Wednesday, April 30, 2014

Military Secrecy: Black Ops Modus Operandi

Topic: Operational Security and how the reality may differ from the super-spy movie version.

While there is no evidence to support it, the best real world suspect for military involvement in the Cash-Landrum UFO case seems to be Operation Honey Badger.  The hardware, techniques and mission are intriguingly similar to the helicopters witnessed in the UFO encounter.

While training for Honey Badger their operation was nearly exposed, but first it's necessary to provide some context on the mission and location. We'll be going South...




OH-6 Little Birds Go Black

The Black Ops mission of Honey Badger consisted of " the helicopters of Task Force 158, which included OH-6 Little Birds, UH-60 Black Hawks, and cargo-carrying and cargo-carrying Chinooks…" They were gathered to train for long range night missions using new night vision equipment, armament and extended-range fuel tanks.

In 1980, as part of Operation Honey Badger (an aborted 2nd mission to rescue American hostages held in Iran), OH-6 (Little Bird) Bell helicopters were secretly armed and modiifedArmy 160th SOAR History: "OH-6A scout helicopters (Little Birds) were chosen for the light assault role because of their small size and ease of transport. The Little Birds could carry only three soldiers and a single pilot, but they could land in the most restrictive locations." 

OH-6


Personnel at Fort Rucker, AL developed, tested and created armed AH-6 Little Bird gunships, and they were then transported to Gulfport, Mississippi for training flights, classified program called “Nine-Whiskey-Whiskey." 

Dressed to kill


This was a priority mission and was given "White House Special Clearance" and superseded all normal orders and procedures. All participants had to be cleared by the FBI, security was tight. The pilots selected to fly the OH-6A helicopters came from the 229th Attack Helicopter Battalion and were sent to the Mississippi Army National Guard's Army Aviation Support Facility (AASF) at Gulfport, Mississippi, for two weeks of qualification training in the aircraft. The Gulfport operation was led by Jim Burns, director of the MS AVCRAD (Aviation Classification Repair Activity Depot).


Security is Threatened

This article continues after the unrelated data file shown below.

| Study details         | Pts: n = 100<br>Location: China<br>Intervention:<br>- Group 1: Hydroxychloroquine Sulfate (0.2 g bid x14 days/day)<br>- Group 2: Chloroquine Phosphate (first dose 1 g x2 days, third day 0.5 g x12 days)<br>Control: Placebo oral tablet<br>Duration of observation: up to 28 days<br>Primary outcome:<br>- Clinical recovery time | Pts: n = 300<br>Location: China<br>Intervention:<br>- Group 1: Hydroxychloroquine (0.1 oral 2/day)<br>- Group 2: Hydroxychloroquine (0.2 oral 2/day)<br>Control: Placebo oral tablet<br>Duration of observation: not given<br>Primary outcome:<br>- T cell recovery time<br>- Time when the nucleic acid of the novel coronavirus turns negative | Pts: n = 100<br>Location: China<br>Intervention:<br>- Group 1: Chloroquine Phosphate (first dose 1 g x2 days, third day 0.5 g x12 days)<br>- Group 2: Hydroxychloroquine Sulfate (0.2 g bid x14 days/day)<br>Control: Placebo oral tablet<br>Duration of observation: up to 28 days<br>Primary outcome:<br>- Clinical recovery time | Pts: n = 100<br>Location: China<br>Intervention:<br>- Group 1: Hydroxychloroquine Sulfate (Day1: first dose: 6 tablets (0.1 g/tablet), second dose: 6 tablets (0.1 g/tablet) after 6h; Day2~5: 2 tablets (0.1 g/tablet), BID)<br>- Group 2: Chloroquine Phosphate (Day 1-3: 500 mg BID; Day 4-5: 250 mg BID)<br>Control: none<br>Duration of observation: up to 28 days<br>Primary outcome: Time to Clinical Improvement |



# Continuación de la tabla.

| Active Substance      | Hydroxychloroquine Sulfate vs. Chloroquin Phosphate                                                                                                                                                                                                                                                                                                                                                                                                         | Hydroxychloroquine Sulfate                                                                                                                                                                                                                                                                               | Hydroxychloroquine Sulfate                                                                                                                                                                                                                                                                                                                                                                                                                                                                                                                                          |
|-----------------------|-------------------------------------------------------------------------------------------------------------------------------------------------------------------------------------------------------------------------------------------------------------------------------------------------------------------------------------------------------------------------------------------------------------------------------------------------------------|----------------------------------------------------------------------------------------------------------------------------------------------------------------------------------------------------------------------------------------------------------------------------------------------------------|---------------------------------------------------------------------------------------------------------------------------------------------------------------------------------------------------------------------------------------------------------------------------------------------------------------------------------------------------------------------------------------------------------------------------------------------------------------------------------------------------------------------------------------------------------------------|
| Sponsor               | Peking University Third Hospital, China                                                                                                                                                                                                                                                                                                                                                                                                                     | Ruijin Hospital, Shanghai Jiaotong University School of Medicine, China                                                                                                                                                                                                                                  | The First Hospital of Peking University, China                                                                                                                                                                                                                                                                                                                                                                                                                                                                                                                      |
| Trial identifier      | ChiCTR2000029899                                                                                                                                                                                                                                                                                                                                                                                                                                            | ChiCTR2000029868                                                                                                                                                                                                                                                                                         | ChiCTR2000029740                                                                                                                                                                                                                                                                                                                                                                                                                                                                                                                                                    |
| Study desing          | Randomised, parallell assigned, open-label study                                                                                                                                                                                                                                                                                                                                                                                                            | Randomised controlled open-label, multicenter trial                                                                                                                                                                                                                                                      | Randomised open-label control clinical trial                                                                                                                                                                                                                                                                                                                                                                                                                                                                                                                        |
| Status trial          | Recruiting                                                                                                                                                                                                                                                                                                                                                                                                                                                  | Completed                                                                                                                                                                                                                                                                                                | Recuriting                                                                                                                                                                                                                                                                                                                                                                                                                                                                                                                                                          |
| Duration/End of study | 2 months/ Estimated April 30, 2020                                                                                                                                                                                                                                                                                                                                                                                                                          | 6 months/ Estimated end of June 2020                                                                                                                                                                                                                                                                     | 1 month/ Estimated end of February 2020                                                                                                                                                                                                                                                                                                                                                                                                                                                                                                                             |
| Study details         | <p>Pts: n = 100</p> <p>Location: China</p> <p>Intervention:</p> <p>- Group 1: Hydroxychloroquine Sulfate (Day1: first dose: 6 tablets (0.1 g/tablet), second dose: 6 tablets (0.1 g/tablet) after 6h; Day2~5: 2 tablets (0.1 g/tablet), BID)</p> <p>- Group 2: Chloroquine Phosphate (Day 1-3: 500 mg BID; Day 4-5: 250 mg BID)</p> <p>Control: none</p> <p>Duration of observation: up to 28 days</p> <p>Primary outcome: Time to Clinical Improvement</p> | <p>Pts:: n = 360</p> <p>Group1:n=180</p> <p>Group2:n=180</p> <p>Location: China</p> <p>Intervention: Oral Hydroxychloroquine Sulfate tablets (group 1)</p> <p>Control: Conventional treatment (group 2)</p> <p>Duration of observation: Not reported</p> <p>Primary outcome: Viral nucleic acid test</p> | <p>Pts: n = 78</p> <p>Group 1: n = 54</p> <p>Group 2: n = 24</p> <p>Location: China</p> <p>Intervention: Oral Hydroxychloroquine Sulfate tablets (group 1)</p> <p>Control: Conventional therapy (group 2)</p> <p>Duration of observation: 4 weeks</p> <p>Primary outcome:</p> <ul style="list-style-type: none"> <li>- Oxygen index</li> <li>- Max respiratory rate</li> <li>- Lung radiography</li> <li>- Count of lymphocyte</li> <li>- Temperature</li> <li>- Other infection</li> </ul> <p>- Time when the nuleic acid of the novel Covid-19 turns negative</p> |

Snowbird/Honey Badger directive: Avoid exposure by the Media

Charlie Something from Such & Such News



Colonel John J. Stanko describes an incident in Gulfport about how operational security was in danger of exposure by the local media:
    So about two days into this [special project] Jim Burns calls and says, “Hey Colonel, there's this guy down here—Charlie Smith (or something) from such and such a newspaper… He's a newspaper reporter and he's out in the parking lot and he's checking every car, every car tag, looking over the fence, trying to see what's going on. And he's gotten word from somebody in Washington, DC that something's going on at the  Mississippi AVCRAD. He wants to take a look at it.”
      “How the hell that got out so quick, I don't know.”      
      "So Jim Burns tells me—he walks out to the parking lot and says, 
“Hey, 'Charlie Reporter,' how ya doing? Come on in here. Let me tell you what's going on here". 
     And so Jim Burns takes him by the arm and walks him waaaay up the parking ramp there to an OV-1 Mohawk airplane. Jim says to the reporter, “See that? That's a Mohawk.” And he starts describing the Mohawk to him and says, “See this is a rare airplane and it does intelligence and surveillance. That airplane is from the Georgia Army National Guard and when they can't fix that airplane, they send it down here to Mississippi and we fix it and we do the maintenance and we test fly it. Jim talks real, real slow and goes into a lot of detail regarding the nomenclature, horsepower, radios, blade lengths, etc about each of the aircraft he had shown the reporter.      
     Later that afternoon, the reporter goes back and writes up his story, convinced that maintenance is the real story and sends it in.

Jim Burns, using counterintelligence techniques learned from Huckleberry Hound and Foghorn Leghorn, was able to baffle the reporter and protect the secrecy of mission from the media. 


Speak slow… but do some fast talking!


Epilogue: Dark Desert Testing

When the Gulfport pilot training was completed, C-141 aircraft transported the aircraft and crews to Fort Huachuca, Arizona, for two weeks of mission training. The mission training consisted of loading onto C-130 transport aircraft which would then transport them to forward staging areas over night routes as long as 1,000 nautical miles (1,900 km). The armed OH-6 Little Birds aircraft from Fort Rucker joined the training program in the fall of 1980. Records indicate that there was little activity late  in the year as the mission was on hold.

Operation Honey Badger was canceled after the hostages were released on 20 January 1981, but the team was not dissolved. They became the 160th Special Operations Aviation Regiment (Airborne), better known as the "Night Stalkers."





Additional sources